Saliva contains a substance that promotes growth of L. acidophilus and expresses resistance or susceptibility to caries. Resistance to caries and to oral presence of L. acidophilus may be, to a certain extent, a racial characteristic.
Studies of the capacity of saliva (to which dextrose has been added) to sustain or prevent growth of implanted L. acidophilus indicate that saliva contains a factor which activates the growth, in vitro, of this organism. The intensity of this unknown factor varies, and its presence or absence is consistent with presence or absence of caries in the corresponding persons. Time and increases in temperature do not destroy, and dialyzation does not eliminate, this unknown factor. It can be removed by adsorption into the bodies of dead L. acidophilus.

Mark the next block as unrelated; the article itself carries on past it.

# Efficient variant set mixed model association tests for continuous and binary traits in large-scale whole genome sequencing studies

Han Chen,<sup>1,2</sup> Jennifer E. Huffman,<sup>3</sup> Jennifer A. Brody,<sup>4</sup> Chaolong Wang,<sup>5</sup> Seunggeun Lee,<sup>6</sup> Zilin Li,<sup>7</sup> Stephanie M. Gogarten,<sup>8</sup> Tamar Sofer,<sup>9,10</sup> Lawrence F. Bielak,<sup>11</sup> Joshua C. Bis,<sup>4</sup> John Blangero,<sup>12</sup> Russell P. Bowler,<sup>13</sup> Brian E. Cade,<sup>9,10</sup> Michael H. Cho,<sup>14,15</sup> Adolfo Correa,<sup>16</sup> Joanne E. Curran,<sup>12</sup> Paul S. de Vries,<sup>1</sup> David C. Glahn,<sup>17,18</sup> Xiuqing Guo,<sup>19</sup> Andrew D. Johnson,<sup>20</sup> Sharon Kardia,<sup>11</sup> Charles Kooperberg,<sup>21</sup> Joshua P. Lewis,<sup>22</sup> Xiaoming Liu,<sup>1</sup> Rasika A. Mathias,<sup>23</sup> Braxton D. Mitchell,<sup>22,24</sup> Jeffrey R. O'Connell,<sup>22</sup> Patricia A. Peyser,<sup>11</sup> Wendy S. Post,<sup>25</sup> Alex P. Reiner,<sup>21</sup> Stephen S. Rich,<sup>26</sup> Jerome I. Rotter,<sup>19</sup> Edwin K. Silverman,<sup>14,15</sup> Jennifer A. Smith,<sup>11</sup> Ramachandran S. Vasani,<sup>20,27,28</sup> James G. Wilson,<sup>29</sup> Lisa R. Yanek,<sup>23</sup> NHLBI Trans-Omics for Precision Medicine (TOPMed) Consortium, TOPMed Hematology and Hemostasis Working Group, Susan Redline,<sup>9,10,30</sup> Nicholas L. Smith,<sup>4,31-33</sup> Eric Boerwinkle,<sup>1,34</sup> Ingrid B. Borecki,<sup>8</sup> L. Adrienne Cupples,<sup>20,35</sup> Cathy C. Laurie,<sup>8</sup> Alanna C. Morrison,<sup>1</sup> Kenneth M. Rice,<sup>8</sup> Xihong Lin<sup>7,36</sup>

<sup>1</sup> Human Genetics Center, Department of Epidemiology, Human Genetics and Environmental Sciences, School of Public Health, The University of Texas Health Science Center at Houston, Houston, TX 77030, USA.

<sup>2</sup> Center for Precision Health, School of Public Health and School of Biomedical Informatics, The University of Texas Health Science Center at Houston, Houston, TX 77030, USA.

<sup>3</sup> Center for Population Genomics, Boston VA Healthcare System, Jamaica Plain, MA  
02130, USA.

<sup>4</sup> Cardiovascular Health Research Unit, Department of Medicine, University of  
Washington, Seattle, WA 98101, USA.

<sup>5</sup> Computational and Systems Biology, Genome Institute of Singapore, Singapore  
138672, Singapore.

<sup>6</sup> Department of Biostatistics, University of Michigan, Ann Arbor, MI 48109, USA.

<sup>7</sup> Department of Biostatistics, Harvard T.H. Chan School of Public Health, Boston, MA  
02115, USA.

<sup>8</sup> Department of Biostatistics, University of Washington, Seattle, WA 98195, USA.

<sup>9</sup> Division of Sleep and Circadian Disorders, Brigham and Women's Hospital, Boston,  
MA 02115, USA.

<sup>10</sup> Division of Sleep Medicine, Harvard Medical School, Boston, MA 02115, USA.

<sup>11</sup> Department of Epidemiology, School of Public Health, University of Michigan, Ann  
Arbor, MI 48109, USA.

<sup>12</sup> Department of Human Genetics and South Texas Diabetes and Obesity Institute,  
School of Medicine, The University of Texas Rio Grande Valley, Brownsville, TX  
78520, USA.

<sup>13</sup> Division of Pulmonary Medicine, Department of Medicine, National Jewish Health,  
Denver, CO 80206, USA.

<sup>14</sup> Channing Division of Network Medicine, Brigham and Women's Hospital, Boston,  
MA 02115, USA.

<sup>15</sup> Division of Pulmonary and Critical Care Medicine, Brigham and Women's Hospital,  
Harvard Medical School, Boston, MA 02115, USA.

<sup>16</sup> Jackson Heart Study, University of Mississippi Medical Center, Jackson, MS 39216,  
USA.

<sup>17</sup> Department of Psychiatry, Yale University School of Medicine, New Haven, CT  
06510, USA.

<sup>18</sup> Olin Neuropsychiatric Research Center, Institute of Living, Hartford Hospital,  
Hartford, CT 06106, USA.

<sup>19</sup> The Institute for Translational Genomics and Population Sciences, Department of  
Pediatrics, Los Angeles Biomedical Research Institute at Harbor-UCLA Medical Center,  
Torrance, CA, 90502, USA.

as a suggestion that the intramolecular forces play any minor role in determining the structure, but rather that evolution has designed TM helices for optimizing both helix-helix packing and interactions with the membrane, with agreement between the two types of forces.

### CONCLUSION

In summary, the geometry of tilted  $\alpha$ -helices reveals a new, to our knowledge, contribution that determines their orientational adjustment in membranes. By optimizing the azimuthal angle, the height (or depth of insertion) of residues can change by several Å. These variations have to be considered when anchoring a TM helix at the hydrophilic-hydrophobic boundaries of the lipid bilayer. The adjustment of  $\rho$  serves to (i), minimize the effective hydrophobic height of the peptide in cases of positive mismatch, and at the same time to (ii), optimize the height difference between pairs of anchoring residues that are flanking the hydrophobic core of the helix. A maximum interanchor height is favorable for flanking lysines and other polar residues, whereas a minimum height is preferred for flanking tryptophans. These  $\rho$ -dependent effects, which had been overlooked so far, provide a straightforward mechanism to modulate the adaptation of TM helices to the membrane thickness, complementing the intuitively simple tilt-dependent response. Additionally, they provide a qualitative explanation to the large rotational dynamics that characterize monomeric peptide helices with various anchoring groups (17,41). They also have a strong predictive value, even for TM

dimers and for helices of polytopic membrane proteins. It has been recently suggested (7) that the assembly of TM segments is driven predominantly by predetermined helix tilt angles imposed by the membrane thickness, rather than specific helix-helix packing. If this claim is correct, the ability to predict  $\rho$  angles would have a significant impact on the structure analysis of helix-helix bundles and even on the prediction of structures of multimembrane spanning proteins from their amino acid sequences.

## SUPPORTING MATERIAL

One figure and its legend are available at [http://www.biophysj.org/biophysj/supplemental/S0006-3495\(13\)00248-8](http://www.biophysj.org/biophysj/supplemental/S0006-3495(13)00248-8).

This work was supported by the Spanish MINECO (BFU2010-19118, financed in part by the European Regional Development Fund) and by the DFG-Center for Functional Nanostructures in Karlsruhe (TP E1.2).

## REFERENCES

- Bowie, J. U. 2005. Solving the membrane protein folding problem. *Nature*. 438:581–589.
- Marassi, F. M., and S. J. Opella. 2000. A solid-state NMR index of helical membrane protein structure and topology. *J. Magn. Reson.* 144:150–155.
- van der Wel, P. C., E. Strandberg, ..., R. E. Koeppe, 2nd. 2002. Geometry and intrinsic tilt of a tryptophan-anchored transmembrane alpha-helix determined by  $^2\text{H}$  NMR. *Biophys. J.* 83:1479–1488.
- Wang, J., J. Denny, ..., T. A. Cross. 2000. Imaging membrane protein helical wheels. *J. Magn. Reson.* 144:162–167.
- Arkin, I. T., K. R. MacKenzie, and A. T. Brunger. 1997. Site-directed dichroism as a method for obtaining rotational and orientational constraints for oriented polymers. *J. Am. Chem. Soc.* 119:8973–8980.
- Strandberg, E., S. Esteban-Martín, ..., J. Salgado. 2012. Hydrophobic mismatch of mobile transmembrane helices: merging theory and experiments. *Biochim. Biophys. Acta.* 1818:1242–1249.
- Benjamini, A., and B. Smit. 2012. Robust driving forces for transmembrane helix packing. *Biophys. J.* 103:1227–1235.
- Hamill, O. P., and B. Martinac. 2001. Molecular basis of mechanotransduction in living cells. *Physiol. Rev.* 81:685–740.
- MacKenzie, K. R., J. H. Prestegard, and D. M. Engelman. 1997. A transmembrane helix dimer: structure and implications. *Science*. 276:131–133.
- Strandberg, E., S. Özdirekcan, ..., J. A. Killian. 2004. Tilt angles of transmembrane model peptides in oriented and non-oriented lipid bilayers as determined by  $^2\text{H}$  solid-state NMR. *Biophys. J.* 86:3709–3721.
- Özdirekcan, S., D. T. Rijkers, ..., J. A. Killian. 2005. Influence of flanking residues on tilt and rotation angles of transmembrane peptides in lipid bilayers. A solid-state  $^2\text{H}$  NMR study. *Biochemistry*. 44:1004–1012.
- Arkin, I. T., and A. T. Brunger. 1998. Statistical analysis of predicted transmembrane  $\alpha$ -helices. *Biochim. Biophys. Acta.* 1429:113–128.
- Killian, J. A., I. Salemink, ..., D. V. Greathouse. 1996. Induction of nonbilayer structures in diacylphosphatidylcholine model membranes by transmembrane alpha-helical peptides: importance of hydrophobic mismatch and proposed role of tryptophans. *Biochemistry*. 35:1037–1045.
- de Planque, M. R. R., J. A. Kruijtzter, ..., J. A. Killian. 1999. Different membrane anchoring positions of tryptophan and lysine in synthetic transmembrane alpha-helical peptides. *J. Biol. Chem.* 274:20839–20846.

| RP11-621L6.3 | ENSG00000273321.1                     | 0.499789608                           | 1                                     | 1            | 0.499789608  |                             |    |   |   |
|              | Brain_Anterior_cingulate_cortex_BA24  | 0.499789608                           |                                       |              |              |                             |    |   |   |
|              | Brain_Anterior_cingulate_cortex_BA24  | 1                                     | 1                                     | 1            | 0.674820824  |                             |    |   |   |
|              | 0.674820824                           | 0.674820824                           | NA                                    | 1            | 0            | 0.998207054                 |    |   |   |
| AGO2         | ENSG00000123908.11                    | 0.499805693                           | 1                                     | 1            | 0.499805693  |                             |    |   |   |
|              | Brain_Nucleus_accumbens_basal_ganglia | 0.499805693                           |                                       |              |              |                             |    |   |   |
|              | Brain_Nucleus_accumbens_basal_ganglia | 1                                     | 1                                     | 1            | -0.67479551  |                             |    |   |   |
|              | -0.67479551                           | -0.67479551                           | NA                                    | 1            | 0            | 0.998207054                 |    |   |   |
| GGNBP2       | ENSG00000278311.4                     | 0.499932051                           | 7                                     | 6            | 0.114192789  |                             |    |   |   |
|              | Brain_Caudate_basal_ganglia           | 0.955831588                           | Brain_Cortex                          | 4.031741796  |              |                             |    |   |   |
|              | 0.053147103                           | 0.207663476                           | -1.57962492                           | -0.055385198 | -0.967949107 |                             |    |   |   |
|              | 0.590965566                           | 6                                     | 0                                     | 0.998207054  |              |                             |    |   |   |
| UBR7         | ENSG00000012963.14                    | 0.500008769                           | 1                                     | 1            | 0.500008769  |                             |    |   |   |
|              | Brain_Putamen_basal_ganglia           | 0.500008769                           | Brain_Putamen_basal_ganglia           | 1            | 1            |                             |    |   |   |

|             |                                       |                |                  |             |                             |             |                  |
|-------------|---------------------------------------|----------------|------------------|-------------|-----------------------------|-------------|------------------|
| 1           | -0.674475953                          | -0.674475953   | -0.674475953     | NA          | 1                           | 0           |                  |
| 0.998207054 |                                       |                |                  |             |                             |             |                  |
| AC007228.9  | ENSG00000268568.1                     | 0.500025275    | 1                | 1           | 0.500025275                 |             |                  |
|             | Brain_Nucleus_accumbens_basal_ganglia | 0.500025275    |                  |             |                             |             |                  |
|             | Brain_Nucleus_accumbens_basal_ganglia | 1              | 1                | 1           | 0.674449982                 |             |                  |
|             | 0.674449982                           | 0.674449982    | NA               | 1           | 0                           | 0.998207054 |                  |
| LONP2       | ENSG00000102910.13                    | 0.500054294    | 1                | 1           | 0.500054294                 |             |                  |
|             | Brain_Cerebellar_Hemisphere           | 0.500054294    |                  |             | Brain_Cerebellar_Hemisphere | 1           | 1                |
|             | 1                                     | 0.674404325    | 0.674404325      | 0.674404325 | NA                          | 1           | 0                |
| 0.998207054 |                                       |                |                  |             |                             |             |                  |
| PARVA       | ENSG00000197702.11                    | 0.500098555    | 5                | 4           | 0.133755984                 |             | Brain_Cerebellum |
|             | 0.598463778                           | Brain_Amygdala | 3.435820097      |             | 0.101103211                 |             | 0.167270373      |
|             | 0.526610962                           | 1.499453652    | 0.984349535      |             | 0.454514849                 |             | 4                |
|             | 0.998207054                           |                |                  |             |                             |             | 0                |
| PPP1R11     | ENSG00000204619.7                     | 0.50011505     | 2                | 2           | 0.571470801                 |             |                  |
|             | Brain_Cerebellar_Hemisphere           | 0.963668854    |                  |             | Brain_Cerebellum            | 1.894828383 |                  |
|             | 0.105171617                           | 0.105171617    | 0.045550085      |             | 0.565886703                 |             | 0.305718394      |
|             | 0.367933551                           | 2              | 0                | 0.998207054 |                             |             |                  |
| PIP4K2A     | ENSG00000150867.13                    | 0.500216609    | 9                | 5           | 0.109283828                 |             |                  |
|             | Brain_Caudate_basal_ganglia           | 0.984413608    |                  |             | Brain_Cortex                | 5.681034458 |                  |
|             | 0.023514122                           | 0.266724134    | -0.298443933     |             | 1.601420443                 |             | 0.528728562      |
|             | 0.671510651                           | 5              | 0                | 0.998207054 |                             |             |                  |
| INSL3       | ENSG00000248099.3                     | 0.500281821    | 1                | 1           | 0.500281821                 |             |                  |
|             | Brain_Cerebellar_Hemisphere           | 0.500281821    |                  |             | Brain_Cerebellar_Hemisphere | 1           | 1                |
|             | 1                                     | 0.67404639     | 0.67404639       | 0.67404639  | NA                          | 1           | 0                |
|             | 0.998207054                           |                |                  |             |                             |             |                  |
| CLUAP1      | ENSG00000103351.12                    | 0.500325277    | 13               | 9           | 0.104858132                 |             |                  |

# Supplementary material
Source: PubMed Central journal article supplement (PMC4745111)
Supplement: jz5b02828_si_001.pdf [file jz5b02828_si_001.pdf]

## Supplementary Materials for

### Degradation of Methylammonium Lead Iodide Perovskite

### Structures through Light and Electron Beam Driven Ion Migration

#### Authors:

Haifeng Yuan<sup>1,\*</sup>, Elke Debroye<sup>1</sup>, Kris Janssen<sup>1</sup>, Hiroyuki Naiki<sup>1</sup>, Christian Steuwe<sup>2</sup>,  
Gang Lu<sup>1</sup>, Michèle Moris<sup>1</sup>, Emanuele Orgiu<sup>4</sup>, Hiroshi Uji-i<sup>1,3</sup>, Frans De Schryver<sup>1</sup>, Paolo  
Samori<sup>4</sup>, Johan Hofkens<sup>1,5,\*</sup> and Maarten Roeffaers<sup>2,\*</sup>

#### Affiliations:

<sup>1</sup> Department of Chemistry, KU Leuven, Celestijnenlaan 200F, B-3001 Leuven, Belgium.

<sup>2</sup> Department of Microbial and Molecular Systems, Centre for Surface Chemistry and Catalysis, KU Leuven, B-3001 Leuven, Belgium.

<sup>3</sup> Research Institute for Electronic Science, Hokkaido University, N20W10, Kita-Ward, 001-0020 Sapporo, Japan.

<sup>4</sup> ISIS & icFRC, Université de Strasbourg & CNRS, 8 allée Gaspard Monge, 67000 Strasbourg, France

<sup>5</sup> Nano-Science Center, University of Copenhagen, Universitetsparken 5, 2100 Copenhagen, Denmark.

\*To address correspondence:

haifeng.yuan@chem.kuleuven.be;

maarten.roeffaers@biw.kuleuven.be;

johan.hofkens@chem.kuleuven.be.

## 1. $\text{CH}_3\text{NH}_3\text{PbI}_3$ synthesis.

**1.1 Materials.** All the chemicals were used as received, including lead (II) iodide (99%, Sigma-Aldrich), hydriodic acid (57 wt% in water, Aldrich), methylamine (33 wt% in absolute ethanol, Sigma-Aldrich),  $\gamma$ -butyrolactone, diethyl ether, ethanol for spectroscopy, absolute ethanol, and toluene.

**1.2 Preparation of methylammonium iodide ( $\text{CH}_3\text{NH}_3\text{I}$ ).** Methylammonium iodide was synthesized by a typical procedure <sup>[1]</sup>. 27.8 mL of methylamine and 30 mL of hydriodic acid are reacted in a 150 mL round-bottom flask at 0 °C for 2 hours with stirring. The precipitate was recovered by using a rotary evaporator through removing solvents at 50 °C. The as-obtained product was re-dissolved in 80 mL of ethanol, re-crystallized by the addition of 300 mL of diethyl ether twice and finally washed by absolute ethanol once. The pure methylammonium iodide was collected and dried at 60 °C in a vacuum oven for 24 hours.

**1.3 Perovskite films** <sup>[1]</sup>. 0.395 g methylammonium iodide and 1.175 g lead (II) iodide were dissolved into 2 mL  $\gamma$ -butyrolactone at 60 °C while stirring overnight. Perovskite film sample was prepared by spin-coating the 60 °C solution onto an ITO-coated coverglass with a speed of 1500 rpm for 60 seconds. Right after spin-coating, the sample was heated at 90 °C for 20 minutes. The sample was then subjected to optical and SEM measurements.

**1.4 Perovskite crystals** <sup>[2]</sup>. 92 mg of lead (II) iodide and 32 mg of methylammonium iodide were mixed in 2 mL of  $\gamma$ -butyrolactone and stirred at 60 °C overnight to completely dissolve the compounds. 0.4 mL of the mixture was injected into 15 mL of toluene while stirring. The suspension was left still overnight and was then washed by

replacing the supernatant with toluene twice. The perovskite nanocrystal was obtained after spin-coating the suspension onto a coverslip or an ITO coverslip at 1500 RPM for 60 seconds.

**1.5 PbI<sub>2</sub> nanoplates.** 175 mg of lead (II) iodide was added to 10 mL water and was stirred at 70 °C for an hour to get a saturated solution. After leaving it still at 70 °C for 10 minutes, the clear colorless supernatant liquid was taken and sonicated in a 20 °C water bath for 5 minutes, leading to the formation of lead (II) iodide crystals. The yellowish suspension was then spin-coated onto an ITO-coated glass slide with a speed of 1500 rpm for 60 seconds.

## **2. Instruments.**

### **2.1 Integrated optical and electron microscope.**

Navajo Indians living on high-protein diet, and Maya Indians living on high- carbohydrate diet, have similarly low incidences of caries. Among the Jamaica group on high-carbohydrate diet (largely sugar), incidence of caries is very high in both Negroes and Whites. There is direct correlation between kind of diet and location of caries, cavities on smooth surfaces being more common in races living on high-carbohydrate diets. The percentage of Maya Indians whose mouths are free from L. acidophilus is greater, and the average for L. acidophilus in the mouths of Maya Indians is lower, than for White people in the United States.
References: J. Den. Res. (with Morris Steggerda), 1936; Annual Report, Carnegie Institution of Washington, 1937; J. Ant. Den. Assoc., 1939.